Vol 8, Issue 4, November 2021

A Case Study Exploring the Use of Virtual Reality in the Zoo Context


Lugosi, Z., & Lee, P. C. (2021). A case study exploring the use of virtual reality in the zoo context. Animal Behavior and Cognition, 8(4), 576-588.   https://doi.org/10.26451/abc.


Virtual Reality (VR) is now a popular tool in education and for engagement with the natural world, but to date little research has investigated its potential in a zoo setting. We aimed to gauge the interest of the visiting public in using VR technology at Royal Zoological Society of Scotland’s (RZSS) Edinburgh Zoo. A VR (n = 12) and a video condition (n = 12), both introducing the lives and conservation concerns of African wild dogs (Lycaon pictus), were used to gain greater insight of the thoughts and perceptions of how individuals evaluated a purpose-built VR experience and to enable comparisons of learning outcomes for both technologies. We used semi-structured interviews; responses were evaluated through thematic analysis and descriptive analysis. Younger participants (aged 13-18 years) emphasized that VR allowed them close and personal access to the animals. Adult participants (aged 19 and above) pointed out the entertainment value of the VR experience while highlighting the potential of its educational aspect; that of enabling visitors to see animals in their natural habitat. While our results require further confirmation due to the limited sample size and restricted circumstances of data collection, we suggest that VR could be usefully introduced as a public education and visitor engagement tool that would benefit the visitors’ learning and overall experience at the zoo.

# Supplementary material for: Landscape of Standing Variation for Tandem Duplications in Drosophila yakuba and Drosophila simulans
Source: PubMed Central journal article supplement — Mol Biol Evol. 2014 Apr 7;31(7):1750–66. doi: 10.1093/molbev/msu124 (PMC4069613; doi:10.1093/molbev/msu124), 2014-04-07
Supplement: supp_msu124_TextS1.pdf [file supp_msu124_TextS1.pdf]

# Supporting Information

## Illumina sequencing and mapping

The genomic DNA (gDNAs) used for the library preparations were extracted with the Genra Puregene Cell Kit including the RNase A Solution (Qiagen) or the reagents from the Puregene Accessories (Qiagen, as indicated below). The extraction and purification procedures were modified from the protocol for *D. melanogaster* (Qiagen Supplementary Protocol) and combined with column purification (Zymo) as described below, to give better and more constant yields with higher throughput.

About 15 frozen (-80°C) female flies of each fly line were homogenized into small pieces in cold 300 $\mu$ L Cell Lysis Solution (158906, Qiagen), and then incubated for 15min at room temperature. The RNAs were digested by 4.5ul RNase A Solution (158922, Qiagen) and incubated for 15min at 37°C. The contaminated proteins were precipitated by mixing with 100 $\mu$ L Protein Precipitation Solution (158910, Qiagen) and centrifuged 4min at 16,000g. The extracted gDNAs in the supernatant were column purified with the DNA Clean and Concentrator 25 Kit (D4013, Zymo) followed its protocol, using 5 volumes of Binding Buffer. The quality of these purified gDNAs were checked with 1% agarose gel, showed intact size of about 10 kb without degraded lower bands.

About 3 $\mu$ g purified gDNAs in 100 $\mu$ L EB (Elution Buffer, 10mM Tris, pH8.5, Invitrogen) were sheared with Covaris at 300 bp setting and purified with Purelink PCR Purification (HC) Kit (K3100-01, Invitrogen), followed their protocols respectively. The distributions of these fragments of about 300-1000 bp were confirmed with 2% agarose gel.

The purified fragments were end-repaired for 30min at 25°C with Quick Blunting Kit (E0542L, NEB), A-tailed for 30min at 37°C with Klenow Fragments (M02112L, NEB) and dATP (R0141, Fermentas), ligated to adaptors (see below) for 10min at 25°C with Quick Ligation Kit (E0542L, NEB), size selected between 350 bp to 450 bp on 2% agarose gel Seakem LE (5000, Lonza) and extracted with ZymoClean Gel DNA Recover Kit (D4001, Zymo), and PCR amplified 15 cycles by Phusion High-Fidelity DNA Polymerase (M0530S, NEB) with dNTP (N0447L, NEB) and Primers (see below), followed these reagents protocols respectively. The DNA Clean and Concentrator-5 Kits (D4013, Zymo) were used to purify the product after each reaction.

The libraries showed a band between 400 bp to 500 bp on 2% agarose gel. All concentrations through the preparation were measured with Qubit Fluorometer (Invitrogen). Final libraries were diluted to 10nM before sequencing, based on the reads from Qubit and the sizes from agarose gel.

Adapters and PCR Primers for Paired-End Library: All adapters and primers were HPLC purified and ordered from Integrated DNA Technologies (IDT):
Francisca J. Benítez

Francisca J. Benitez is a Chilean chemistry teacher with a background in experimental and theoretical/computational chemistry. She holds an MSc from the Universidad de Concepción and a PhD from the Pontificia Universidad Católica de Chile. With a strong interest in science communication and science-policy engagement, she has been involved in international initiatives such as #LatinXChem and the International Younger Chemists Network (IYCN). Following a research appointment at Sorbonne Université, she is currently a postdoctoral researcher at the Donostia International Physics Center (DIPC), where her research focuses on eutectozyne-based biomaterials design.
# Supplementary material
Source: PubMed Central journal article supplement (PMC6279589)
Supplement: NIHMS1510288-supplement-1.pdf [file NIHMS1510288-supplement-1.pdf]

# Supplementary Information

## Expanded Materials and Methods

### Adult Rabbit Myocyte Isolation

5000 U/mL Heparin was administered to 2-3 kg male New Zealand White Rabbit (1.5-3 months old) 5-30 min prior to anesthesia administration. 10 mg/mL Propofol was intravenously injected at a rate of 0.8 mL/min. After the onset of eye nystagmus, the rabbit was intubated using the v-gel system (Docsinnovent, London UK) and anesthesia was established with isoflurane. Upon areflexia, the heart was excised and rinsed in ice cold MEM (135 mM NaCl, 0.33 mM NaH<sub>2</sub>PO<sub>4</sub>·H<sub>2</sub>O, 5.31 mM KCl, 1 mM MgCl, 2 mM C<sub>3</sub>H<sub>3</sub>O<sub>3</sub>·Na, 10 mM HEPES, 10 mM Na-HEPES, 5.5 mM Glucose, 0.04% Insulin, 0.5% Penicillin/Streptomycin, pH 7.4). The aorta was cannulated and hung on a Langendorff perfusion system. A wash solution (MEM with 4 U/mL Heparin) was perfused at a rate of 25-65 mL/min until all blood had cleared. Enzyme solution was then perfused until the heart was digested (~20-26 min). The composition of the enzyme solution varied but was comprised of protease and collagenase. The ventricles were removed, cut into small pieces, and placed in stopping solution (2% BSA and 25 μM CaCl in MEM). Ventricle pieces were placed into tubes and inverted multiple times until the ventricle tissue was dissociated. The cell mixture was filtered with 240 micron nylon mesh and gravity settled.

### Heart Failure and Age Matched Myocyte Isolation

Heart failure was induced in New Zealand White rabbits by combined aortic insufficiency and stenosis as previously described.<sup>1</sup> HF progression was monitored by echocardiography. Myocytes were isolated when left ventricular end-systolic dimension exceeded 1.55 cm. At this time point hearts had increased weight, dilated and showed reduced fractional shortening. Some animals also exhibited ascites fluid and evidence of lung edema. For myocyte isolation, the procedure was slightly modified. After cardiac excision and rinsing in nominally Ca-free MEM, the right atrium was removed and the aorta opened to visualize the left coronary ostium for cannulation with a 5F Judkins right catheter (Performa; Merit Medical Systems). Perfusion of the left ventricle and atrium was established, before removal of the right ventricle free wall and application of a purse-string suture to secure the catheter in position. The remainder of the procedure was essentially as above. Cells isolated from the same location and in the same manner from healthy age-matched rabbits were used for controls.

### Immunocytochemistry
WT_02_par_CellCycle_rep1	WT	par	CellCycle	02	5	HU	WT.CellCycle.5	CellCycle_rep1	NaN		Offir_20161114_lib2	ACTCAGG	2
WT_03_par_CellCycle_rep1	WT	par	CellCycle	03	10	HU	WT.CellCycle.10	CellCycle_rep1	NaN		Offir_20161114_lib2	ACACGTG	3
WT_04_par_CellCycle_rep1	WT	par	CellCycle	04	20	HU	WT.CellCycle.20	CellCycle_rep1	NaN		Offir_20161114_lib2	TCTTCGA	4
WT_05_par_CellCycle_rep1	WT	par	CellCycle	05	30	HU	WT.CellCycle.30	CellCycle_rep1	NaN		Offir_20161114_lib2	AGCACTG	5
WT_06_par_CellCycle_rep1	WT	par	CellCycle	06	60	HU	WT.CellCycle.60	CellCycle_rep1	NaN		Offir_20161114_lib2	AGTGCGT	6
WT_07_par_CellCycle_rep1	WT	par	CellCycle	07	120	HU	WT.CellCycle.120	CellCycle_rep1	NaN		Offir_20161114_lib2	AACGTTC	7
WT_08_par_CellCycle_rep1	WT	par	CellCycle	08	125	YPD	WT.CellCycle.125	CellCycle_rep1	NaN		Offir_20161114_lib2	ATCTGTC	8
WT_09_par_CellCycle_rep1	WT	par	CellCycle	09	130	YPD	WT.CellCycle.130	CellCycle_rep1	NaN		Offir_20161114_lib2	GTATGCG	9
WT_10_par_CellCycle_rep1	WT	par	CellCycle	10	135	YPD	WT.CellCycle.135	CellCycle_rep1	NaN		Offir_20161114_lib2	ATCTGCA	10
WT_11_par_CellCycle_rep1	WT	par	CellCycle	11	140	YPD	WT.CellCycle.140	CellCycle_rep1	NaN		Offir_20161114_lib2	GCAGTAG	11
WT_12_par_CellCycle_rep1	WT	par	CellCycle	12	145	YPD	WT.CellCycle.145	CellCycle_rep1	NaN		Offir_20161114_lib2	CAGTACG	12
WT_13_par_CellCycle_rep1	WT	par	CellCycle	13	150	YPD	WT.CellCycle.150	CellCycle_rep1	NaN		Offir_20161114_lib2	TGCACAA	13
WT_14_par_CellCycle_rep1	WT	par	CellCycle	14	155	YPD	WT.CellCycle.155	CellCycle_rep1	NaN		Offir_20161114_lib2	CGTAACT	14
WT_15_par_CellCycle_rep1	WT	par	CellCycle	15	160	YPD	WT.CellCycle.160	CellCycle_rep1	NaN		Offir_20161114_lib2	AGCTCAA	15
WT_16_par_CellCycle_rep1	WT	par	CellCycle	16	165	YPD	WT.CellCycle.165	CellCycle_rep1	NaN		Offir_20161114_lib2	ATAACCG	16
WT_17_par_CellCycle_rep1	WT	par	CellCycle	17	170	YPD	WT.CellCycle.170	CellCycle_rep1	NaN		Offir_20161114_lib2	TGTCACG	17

Zoo education, Immersive technology, Virtual reality, Visitor-animal interactions